Chinese distressed banks

Beijing's $14.5b liquidity plan to avoid Baoshang bashing

To keep debt markets stable and defaults under control, the Chinese government is injecting money to help support small and medium-sized banks
The PBOC is shoring up stability in China's financial system.
The PBOC is shoring up stability in China's financial system.

Beijing's first state takeover of a bank in 18 years is not the shape of things to come, China's central bank has sought to reassure investors after setting out plans to inject Rmb100 billion ($14.5 billion) into the Chinese banking sector.

That assumes, though, that the country's financial conditions do not deteriorate much further as economic growth slows in the face of an increasingly damaging trade war.

“Recently, some people in the market are worried whether other banks will be taken over, after Baoshang Bank. Don’t worry. Currently, there is no such plan; there is no need to take over a bank except as a last resort,” a spokesman for the People's Bank of China (PBoC) is quoted as saying on Sunday on the central bank's own website.

The comments come after the China Banking and Insurance Regulatory Commission (CBIRC) and People’s Bank of China took control of Baoshang Bank.

If any financial institution needs liquidity or a capital increase, it can do so through normal market mechanisms, the spokesman added. But to help boost the liquidity of small and medium-sized banks, the PBoC will release Rmb100 billion of long-term capital, he said.

“From a bond market perspective, the PBoC is going to inject liquidity to stabilise the aggregate yield,” Gary Ng, Asia economist at Natixis, said at a press conference on Monday. “Regulators want to keep everything stable.”

And to underscore that, said Alice Garcia-Herrero, Natixis's Asia-Pacific chief economist, the CBIRC last week approved the issue of Rmb40 billion of perpetual bonds by Huaxia Bank.

This is a strong signal of state support of the smaller banks, she said.

But much more state support may yet be needed if non-performing loans (NPLs) deteriorate substantially from here.

A JP Morgan report dated May 26, cites a worst-case scenario in which the NPL ratio of China’s city and rural commercial banks rises to 20% from 2.88% currently and the NPL loss ratio hits 70%. In those circumstances, additional provisions of Rmb2.3 trillion would be required, it said.


Baoshang Bank, certainly, isn't the only Chinese financial entity facing difficulty.   

For example, private investment firm China Minsheng Investment Group late last month narrowly avoided default by temporarily missing an interest payment, according to Wind, a Chinese financial data provider.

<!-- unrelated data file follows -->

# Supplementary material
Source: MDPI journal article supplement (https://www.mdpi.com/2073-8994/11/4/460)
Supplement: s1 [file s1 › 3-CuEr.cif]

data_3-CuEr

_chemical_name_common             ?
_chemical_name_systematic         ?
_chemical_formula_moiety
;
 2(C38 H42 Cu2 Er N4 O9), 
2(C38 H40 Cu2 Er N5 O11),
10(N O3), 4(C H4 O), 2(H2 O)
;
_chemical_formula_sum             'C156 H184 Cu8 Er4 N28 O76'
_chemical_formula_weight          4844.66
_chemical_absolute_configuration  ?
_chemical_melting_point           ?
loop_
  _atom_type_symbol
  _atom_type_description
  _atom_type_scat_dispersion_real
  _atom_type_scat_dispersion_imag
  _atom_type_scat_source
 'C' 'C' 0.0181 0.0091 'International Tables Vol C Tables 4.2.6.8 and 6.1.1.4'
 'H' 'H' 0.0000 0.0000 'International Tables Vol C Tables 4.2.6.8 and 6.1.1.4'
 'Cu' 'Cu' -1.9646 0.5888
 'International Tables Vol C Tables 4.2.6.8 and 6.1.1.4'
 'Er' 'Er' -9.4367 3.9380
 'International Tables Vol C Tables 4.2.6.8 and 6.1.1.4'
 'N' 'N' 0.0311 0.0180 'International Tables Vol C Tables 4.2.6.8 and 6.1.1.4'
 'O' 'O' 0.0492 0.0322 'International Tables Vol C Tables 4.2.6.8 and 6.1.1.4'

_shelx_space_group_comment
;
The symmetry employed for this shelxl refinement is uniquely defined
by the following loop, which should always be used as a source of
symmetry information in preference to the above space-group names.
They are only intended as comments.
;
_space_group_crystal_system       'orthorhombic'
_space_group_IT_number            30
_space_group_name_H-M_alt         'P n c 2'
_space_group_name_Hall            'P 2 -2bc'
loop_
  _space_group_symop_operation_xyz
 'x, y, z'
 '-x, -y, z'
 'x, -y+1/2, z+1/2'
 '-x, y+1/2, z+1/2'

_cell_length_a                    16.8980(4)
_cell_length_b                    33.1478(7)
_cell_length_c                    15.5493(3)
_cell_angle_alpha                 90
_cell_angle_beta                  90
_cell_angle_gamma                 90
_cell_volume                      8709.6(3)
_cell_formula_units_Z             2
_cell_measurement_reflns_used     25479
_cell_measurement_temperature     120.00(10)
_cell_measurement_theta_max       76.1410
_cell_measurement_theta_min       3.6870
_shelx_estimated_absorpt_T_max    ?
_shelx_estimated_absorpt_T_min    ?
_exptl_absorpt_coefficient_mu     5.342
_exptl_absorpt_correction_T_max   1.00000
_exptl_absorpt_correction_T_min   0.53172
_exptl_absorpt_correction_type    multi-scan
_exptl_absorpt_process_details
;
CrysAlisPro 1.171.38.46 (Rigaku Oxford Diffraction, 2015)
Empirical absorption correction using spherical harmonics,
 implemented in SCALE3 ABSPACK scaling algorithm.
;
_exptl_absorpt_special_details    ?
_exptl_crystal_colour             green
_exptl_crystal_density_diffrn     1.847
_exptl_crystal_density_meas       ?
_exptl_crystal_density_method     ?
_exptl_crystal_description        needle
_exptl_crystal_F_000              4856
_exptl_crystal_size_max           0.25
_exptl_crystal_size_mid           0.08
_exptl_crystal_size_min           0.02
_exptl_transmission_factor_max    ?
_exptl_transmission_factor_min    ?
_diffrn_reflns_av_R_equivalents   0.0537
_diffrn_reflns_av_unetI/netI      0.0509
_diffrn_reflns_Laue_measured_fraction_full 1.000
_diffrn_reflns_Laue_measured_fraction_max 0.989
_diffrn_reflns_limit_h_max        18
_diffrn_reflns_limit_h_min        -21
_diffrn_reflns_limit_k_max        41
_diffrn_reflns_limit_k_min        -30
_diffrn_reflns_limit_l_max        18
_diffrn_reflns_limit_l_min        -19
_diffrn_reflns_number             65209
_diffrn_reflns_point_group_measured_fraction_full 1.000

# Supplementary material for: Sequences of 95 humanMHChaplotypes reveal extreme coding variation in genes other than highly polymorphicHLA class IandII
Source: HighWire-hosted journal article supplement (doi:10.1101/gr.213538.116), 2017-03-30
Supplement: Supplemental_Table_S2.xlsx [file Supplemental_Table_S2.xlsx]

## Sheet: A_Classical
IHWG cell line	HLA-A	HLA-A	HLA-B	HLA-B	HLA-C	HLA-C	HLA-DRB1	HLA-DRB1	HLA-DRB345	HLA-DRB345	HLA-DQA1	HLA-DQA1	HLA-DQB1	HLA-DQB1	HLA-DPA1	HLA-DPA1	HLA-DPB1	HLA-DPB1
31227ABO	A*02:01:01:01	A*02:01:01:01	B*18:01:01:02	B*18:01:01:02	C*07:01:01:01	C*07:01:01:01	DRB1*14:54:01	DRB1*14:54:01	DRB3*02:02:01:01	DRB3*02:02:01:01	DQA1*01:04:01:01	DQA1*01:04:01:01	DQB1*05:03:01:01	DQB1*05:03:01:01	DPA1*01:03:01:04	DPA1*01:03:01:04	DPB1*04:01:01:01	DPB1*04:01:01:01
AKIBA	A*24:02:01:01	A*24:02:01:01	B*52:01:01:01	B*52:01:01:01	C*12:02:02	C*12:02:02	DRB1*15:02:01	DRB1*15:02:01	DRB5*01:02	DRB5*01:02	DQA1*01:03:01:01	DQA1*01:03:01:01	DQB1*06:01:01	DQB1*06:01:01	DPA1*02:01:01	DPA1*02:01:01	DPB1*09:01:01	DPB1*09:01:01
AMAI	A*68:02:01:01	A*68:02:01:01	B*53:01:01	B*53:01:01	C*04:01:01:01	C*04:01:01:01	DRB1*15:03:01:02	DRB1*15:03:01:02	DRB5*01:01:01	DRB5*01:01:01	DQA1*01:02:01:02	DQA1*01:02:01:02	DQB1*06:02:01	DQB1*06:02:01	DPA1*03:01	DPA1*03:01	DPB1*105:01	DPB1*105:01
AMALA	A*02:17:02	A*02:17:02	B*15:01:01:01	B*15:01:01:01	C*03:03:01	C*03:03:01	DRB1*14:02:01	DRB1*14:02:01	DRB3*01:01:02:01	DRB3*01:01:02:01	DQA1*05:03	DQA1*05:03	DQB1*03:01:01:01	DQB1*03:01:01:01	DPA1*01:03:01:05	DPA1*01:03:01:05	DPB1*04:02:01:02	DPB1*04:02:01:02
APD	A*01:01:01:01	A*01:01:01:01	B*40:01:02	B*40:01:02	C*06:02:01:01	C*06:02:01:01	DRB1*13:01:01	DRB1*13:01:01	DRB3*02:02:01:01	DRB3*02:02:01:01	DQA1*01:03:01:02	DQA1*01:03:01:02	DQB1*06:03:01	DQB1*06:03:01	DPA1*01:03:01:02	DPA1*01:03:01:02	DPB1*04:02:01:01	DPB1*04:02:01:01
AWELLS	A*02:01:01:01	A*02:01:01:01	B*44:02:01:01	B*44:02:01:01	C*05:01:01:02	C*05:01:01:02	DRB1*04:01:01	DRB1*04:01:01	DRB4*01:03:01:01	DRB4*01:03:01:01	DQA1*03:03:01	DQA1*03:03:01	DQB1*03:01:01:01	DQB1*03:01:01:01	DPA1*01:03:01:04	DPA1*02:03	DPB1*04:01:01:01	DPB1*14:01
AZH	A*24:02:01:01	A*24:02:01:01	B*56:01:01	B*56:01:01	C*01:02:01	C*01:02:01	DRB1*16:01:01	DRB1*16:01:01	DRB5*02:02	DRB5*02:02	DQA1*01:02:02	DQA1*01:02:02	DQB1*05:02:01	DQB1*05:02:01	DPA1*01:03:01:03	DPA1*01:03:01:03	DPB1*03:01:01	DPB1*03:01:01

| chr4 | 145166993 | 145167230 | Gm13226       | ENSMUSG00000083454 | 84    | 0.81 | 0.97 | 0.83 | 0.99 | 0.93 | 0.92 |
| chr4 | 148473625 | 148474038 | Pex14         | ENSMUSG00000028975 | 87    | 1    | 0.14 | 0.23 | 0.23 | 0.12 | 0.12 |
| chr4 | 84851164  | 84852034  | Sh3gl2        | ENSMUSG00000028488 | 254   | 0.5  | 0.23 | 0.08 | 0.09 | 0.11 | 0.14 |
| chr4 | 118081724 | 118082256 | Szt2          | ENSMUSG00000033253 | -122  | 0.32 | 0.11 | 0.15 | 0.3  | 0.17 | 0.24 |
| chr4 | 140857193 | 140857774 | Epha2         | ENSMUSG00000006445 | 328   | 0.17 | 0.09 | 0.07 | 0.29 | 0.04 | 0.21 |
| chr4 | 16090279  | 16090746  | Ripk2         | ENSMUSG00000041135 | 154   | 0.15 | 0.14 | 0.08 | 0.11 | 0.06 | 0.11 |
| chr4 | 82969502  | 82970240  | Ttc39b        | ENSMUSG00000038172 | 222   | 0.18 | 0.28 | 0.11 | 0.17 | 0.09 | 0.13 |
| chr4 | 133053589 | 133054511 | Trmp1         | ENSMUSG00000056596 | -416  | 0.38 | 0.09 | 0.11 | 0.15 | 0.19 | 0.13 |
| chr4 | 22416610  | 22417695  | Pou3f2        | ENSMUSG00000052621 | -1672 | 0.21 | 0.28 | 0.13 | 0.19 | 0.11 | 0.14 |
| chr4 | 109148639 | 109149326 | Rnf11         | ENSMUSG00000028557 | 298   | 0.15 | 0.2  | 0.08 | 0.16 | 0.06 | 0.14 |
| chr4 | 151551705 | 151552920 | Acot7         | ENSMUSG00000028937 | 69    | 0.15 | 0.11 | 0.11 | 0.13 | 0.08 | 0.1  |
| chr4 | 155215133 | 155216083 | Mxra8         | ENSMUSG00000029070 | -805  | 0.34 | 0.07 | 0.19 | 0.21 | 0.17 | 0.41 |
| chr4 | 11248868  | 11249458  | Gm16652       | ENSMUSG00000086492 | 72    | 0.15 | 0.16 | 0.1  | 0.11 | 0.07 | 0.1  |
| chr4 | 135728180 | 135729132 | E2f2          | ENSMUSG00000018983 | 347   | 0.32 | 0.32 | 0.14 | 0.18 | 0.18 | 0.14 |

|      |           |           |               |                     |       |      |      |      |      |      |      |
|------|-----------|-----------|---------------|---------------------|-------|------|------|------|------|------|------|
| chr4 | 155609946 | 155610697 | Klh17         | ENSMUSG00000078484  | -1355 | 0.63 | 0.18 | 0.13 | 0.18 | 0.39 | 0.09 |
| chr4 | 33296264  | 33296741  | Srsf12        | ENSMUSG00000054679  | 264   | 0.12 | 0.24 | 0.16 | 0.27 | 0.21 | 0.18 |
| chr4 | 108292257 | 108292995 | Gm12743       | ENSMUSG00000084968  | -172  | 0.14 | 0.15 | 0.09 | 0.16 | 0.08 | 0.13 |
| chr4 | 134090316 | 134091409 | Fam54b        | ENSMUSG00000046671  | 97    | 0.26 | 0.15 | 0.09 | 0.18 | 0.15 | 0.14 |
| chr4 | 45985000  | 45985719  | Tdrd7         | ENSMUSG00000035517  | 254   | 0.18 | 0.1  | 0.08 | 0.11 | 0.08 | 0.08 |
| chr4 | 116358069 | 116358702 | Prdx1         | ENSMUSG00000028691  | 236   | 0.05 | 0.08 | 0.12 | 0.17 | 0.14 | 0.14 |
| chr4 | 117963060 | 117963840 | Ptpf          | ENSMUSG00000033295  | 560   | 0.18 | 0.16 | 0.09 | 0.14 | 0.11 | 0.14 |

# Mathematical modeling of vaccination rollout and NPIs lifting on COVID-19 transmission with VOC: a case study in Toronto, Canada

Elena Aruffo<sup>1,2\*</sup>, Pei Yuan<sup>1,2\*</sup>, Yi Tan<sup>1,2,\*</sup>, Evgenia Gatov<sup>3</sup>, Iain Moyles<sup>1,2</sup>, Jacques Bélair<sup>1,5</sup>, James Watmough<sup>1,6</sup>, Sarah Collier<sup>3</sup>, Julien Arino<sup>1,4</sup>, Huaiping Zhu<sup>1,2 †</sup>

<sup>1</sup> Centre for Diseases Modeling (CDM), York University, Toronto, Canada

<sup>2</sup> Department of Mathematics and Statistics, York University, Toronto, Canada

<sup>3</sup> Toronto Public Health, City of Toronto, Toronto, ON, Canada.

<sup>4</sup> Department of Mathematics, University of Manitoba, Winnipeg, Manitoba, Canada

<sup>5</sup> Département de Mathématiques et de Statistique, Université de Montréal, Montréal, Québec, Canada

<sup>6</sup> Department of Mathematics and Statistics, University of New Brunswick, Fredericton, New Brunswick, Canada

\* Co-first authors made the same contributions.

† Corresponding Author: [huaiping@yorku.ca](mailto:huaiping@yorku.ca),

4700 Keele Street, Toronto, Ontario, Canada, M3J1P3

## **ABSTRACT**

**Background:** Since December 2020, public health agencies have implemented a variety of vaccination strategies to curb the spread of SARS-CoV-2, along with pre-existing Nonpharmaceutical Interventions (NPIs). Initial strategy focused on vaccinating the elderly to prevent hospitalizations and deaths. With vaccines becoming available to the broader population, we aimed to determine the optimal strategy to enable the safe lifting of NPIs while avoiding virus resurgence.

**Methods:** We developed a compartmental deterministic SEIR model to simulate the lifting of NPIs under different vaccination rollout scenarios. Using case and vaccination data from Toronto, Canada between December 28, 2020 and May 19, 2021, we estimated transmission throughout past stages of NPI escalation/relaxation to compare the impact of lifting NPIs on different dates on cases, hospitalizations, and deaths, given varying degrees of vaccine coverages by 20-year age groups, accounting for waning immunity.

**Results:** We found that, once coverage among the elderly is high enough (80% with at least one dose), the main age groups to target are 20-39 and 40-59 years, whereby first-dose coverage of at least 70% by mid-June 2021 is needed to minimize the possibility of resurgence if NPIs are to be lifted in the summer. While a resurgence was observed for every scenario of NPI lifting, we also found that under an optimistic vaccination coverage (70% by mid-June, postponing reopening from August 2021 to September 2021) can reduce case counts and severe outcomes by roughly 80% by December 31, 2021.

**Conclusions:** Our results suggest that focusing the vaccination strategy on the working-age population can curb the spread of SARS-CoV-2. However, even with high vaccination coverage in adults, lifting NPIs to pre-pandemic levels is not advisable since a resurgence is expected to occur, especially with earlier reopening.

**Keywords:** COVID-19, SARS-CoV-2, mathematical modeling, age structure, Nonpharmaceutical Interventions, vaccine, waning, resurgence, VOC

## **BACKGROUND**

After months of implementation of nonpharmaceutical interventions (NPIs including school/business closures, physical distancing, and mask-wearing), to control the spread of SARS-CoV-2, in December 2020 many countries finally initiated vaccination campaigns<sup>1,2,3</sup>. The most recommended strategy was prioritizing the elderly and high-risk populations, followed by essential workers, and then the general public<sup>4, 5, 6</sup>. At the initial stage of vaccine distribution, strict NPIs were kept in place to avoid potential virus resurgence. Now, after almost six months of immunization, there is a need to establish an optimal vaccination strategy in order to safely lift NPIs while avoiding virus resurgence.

Minsheng Investment was founded by 59 “leading private companies” on August 21, 2014 with registered capital of Rmb50 billion, according to its website. Minsheng Investment’s leadership has links to Minsheng Bank, the largest privately-owned bank in China.

China Minsheng Bank, along with Huishang Bank, is cited by JP Morgan as the type of bank with high-risk exposure that could see its borrowing costs rise as a result of the losses now faced by some  of Baoshang Bank's bond investors.

Creditors of Baoshang Bank owed less than Rmb50 million each will have their principal and interest payments fully protected, the PBOC spokesman revealed, but those each owed Rmb50 million or more will take a haircut of 10%.

And then there's Bank of Jinzhou.

On May 31, the Hong Kong-listed Chinese bank announced that its auditors Ernst & Young (EY) and Ernst & Young Hua Ming had resigned. In its resignation letter, EY said there were indications that the proceeds of some loans to institutional customers were not used in a way that was consistent with the stated purpose of these loans.

Jinzhou Bank is the weakest Chinese bank currently with US dollar bonds outstanding, given its high level of non-standard credit assets and weak capitalisation, a Nomura report said on Monday.


Since the Baoshang Bank takeover, investors have turned more cautious on smaller Chinese banks, as evidenced by the three-to-five basis points pullback in city commercial banks’ additional tier-1 securities (AT1s), said said.

Signs of questionable behaviour have been uncovered at Baoshang Bank, the PBoC spokesman alleged. This includes the embezzling of funds by Tomorrow Group, which owns 89% of Baoshang Bank, he said. 

Tomorrow is a conglomerate controlled by Xiao Jianhua, a Chinese tycoon who was abducted from Hong Kong in January 2017 by Chinese security agents. Chinese state media has labelled Xiao a "financial crocodile", meaning a wealthy individual with the ability to roil the capital markets. 

The takeover of Baoshang Bank indicates the Chinese government will likely intervene in banks and also companies, if they pose any systemic risk, employ many people or belong to sectors deemed important by Beijing, Ng of Natixis said.

But it won't for anybody else. “The government won’t bail out small real estate firms,” he said.

So far this year in China, there have been defaults on 67 corporate bonds totalling Rmb46 billion, more than in any previous year except 2018, according to Wind. Last year saw a record 125 corporate bonds totalling Rmb121 billion.

The PBoC's 2018 Financial Stability Report classified 426 of 3,800 Chinese financial institutions as high risk.

While China lacks formal resolution powers for banks, its handling of Baoshang Bank opens the way for a model that will allow banks' operations to continue while having creditors share in the resolution burden, said a Moody’s report on May 28.

“Despite the negative implications for Baoshang's creditors, we expect any systemic impact from this situation to be manageable," it said.

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